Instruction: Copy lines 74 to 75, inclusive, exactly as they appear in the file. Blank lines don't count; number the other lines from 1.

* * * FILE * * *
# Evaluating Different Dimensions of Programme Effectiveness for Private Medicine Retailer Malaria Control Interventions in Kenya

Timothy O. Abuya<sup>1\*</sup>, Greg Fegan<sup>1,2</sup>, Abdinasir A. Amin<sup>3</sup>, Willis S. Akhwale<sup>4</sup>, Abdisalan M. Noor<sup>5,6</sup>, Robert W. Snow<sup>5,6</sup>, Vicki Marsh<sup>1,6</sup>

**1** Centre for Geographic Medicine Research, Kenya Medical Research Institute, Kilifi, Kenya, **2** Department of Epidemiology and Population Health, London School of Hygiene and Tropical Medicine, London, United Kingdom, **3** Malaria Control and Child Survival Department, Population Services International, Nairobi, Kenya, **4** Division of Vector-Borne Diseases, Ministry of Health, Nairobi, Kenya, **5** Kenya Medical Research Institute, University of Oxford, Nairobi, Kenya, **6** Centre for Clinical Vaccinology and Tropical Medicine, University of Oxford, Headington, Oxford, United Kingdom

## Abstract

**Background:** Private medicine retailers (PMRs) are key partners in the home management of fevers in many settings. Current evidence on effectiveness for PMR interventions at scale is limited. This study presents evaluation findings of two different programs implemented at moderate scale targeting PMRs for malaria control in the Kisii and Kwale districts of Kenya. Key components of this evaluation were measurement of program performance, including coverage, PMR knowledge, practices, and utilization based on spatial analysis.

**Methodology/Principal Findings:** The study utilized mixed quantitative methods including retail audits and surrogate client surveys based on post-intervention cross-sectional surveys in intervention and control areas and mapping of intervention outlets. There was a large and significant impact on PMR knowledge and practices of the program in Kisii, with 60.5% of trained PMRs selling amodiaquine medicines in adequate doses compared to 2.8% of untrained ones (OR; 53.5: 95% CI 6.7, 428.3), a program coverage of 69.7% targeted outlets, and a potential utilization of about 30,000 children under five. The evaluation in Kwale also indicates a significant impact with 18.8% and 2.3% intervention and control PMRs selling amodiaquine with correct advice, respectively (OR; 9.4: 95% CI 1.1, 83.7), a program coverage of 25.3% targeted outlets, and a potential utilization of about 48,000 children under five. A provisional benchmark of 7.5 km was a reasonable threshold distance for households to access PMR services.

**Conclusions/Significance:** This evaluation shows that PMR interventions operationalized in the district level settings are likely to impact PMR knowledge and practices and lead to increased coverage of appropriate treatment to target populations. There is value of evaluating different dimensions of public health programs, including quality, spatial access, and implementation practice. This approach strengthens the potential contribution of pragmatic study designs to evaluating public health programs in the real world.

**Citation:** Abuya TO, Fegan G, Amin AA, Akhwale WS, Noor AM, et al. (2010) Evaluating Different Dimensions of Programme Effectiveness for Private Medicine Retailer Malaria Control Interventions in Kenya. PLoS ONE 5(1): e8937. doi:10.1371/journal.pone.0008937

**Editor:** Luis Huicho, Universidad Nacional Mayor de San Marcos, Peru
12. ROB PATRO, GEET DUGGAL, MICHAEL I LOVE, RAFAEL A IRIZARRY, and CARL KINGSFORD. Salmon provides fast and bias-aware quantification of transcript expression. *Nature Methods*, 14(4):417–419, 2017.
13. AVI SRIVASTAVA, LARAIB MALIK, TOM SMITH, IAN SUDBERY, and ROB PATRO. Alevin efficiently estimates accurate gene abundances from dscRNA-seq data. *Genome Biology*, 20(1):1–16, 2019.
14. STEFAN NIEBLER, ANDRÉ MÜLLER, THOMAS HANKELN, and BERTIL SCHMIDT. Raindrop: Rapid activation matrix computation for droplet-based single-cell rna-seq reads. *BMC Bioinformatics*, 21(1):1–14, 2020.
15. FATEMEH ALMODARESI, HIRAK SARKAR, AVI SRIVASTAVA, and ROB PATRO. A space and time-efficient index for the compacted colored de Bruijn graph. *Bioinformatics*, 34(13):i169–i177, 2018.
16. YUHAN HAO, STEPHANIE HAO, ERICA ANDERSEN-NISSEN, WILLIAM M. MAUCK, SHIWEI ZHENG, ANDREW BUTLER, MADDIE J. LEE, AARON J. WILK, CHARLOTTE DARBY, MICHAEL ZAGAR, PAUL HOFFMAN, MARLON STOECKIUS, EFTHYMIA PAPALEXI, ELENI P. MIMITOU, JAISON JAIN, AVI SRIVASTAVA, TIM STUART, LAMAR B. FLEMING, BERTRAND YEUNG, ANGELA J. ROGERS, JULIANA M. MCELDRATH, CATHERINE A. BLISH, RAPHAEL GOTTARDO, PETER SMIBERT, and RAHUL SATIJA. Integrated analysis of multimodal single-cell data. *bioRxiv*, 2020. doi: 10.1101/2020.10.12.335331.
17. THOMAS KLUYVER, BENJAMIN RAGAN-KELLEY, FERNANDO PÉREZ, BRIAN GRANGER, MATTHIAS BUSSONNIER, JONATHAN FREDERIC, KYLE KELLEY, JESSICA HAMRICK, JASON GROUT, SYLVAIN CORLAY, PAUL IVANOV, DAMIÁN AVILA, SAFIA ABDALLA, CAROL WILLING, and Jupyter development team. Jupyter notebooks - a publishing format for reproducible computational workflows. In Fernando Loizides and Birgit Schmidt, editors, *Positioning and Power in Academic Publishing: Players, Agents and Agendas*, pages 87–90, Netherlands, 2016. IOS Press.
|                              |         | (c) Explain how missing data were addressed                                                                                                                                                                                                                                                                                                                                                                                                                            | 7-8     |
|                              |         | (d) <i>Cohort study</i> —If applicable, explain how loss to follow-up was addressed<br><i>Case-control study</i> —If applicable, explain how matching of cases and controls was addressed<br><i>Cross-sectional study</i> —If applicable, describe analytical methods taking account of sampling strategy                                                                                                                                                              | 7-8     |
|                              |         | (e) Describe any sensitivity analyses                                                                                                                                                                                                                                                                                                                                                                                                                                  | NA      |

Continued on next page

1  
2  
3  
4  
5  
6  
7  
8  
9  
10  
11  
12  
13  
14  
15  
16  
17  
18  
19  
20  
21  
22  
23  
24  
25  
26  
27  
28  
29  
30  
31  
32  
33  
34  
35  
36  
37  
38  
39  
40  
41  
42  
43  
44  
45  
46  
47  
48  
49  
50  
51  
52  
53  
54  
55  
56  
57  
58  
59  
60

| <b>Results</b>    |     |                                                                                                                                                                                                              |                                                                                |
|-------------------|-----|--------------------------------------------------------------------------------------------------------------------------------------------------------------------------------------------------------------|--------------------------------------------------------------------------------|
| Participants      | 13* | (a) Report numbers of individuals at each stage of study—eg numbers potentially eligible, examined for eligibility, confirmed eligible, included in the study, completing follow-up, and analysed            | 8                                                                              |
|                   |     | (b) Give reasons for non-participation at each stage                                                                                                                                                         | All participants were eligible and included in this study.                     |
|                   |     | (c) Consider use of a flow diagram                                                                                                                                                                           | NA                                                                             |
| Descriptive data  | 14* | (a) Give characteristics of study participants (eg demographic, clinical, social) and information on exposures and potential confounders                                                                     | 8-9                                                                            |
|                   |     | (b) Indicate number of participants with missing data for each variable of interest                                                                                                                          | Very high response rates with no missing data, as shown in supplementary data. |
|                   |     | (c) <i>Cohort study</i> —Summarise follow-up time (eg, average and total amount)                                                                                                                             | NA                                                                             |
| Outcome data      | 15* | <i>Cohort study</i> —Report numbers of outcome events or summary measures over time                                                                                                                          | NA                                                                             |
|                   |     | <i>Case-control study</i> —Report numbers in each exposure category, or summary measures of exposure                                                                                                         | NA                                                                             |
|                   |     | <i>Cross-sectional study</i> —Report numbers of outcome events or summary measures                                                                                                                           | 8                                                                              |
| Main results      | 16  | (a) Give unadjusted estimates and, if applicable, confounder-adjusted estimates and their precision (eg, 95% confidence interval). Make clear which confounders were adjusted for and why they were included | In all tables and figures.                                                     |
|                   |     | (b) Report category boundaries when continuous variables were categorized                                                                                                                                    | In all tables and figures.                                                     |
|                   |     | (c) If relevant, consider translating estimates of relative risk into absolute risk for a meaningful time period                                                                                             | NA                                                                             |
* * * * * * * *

55  
56  